The best photos often come when the photographer can blend a personal passion with his professional work. That’s certainly the case with Zach Ancell, an athlete-turned-photographer who specializes in commercial sports photography. Zach identifies more as an athlete than an artist, but there’s no doubt that his “sportraits” of amateurs and professionals are more than just marketing materials. He applies the same intense work ethic and attention to detail that is key to success in sports to his photography, and it pays off with absolutely stunning images.
Zach wears the CAMPS BAY BACKPACK.
ONA: How did you get into photography?
ZA: It’s kind of weird because growing up I was never the artistic type at all. Halfway though college I was going through some personal issues and just needed something to get my mind off of everything. Photography started out as a way to get out of the house, so I would go on little day trips and take landscape photos. After a couple of months my teammates started to bug me to take portraits of them and that was when I started taking my first “sportraits.” Not long after that I had people from all different teams at the university wanting me to take photos of them. That was initially how I built up my portfolio and the start of my path to becoming a professional photographer.
ONA: What camera do you shoot with? What is your “go to” lens of choice?
ZA: Within the last month I made the switch to Nikon so I’m currently in the process of getting everything switched over. My main camera is a D800 and a D600 for backup (or projects where I don’t really need or want to utilize the 36mp sensor). I’ve always been in love with my 24-70mm zooms. Even when I was shooting on a cropped sensor I pretty much always shot with a 17-55mm. I mostly shoot at f/8.0, so I don’t really take advantage of any fast primes. Plus, the zoom gives me some flexibility with the action portraits. In all honesty, I could probably weld the 24-70mm onto my D800 and never be disappointed about it.
ONA: What sort of project drives your creativity? Follow Up: What is your dream project?
ZA: I love the collaborative process and working with other people on images. There’s only so much that I can bring to the table and it’s always great to get the input of other people on what they think would make the image even better. A lot of the work that I do with the University of Oregon is like that. I’ll trade emails with the creative services director sometimes until 2:00 or 3:00 in the morning going back and forth with ideas. It’s that process that helps make the images so much better.
As for a dream project, I’d love to work on something for the Olympics in 2016. I’m not sure to what extent, but creating photos of the world’s greatest athletes from all around the world sounds like a lot of fun!
ONA: What is the hardest thing about being a photographer?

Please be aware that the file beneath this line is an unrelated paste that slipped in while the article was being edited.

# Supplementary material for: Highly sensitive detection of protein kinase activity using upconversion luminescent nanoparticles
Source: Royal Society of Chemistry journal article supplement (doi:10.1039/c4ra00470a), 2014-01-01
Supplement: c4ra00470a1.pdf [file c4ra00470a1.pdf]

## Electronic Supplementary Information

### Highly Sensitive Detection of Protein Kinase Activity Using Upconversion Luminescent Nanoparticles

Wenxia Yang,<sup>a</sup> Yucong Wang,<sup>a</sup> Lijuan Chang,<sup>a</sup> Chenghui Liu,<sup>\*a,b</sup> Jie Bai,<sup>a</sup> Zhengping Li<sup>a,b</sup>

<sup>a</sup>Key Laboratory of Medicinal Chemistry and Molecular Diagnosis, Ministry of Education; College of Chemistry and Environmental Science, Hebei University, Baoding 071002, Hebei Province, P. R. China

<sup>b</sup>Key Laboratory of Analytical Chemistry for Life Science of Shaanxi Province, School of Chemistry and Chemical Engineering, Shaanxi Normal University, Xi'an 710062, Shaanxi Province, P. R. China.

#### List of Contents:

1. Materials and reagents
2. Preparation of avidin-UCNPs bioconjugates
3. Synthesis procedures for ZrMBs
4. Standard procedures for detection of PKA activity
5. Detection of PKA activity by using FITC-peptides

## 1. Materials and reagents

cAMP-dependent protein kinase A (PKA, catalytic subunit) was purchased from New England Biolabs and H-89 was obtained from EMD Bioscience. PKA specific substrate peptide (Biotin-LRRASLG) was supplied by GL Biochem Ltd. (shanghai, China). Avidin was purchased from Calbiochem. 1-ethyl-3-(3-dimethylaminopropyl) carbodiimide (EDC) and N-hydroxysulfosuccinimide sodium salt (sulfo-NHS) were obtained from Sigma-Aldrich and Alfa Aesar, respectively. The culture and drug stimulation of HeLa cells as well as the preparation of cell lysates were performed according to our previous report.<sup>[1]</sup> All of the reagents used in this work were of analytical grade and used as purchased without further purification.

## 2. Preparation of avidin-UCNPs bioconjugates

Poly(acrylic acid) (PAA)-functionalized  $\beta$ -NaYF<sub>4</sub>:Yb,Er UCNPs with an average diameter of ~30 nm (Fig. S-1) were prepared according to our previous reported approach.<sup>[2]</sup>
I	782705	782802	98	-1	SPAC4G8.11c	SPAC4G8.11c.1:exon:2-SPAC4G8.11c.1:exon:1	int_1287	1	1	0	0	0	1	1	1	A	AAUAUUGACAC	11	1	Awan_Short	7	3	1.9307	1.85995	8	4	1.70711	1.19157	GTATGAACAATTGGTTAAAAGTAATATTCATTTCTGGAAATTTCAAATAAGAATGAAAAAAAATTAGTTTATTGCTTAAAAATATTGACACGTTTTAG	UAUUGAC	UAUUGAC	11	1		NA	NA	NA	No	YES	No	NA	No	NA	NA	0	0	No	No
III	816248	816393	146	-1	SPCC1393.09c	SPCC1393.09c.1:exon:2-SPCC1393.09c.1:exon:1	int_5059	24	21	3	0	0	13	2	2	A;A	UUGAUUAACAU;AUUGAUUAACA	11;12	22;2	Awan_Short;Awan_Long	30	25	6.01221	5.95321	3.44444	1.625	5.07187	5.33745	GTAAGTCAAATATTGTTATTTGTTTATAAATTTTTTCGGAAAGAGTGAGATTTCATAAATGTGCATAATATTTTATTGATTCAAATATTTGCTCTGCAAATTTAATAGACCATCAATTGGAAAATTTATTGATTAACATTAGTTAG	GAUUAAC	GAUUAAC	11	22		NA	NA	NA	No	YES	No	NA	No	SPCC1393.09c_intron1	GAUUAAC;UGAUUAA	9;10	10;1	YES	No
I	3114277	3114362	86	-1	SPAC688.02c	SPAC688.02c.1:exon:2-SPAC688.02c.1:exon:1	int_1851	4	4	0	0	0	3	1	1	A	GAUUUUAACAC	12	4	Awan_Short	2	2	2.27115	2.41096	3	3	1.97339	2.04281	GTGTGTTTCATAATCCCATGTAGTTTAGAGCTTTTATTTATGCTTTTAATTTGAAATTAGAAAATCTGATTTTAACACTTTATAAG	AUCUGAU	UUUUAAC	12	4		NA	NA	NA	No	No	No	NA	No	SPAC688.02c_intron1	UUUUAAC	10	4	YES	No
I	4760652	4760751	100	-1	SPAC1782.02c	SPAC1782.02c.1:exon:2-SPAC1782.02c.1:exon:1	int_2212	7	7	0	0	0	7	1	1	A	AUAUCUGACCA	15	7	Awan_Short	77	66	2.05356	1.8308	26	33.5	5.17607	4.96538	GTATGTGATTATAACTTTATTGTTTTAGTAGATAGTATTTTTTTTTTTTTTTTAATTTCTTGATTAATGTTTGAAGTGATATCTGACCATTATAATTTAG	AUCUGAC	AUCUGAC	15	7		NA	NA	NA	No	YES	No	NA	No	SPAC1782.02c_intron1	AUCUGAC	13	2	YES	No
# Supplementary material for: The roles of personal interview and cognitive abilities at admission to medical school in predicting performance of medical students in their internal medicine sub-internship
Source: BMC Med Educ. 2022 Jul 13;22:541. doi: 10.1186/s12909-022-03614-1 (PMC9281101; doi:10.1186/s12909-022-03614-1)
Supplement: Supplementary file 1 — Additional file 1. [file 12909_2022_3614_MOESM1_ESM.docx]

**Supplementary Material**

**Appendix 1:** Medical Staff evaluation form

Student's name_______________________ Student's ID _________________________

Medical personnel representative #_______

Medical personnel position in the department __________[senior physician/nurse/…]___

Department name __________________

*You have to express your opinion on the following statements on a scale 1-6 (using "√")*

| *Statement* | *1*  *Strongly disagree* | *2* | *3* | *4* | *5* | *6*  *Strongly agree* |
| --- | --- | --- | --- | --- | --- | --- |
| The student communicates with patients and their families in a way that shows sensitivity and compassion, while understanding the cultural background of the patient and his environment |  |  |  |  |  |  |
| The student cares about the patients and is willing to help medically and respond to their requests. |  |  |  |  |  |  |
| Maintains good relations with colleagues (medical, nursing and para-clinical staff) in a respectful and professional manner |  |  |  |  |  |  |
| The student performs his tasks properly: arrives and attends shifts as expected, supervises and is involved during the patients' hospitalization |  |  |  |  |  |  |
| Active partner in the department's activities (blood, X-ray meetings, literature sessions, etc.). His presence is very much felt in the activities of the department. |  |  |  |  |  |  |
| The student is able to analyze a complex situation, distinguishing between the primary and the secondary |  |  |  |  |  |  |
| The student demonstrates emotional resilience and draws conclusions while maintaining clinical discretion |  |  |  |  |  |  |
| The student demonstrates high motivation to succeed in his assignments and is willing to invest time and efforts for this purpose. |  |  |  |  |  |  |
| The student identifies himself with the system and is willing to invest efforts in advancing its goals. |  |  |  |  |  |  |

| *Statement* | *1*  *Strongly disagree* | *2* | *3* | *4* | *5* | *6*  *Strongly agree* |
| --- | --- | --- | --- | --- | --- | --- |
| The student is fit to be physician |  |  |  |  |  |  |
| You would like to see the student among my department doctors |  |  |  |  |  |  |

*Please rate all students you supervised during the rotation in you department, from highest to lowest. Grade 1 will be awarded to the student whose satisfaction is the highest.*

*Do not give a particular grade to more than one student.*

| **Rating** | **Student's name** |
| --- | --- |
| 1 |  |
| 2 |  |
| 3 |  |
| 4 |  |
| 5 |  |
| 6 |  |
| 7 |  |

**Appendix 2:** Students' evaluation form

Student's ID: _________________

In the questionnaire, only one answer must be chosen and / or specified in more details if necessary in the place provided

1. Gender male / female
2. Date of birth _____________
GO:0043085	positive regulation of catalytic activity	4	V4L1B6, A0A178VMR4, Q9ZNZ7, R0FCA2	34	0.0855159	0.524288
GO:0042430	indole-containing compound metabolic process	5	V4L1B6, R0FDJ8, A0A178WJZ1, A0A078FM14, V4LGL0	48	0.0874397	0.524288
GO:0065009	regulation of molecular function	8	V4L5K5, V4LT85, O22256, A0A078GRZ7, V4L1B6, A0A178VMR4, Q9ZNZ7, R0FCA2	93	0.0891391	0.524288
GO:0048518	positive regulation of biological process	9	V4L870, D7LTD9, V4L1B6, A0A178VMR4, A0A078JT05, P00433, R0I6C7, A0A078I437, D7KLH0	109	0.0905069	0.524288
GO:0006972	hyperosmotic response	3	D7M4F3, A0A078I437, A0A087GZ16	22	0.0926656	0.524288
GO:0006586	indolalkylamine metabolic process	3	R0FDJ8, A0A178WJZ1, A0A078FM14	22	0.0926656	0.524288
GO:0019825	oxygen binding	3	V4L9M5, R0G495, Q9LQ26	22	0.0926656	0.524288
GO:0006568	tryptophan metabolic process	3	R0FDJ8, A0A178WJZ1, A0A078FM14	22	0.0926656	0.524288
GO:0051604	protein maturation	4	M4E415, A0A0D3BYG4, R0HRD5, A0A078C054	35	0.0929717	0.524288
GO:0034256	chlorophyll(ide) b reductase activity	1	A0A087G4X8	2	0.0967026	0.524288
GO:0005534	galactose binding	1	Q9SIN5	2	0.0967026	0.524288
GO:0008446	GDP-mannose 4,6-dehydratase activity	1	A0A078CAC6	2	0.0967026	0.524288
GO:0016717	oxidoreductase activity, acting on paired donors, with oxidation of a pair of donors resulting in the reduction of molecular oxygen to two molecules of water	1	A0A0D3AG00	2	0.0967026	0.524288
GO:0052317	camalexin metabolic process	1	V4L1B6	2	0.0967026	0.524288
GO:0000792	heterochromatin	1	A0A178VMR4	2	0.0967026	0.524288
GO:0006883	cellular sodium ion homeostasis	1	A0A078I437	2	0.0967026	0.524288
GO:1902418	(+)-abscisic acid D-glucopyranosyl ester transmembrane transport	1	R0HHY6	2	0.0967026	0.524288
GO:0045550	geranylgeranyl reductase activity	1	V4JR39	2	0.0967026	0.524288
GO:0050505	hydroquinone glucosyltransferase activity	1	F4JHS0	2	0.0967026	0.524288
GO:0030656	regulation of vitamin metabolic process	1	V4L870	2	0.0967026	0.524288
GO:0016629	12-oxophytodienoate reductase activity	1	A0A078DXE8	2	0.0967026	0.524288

ZA: Not always being able to create exactly what I see in my mind. I’m a little bit of a perfectionist and so it drives me crazy when I can’t get an image to look the way I want it to look. There are very few images in my portfolio that I can look at without seeing a few things that I wish I could change. But, I think that’s all a part of the creative process and helps you create even better images in the future.
ONA: Describe your style of shooting.
ZA: Methodical. With a lot of the composite work I feel like you have to have a game plan going into the shoot. You need to know roughly what the background is going to be and how you are going to place your subject (especially if there is more than one person). It becomes even more important to plan ahead when you are doing a full body composite because you really need the pieces to fit together. I’m not going to shoot the portrait portion at 85mm and then the background at 24mm. I want to keep as many things as I possibly can consistent so the final image looks more realistic.
Right now, I’m working on building up a new portfolio that’s a little more off the cuff and that involves a lot less planning. Of course I still need to plan out location, lighting and all that good stuff but there’s a lot more freedom in just going out and not having an exact idea of what the final image is going to look like. When you shoot a portrait or background for a composite you’re somewhat locked into making that element work for the final product.
ONA: In one sentence, what advice would you give to a photographer just starting out?
ZA: Constantly experiment.
ONA: How did you hear about us?
ZA: I’m a big fan of Dean Bradshaw’s work and I think the first time I saw one of your bags was when he did his video review. It took me a while to pull the trigger and get one for myself but I’m so glad I did!
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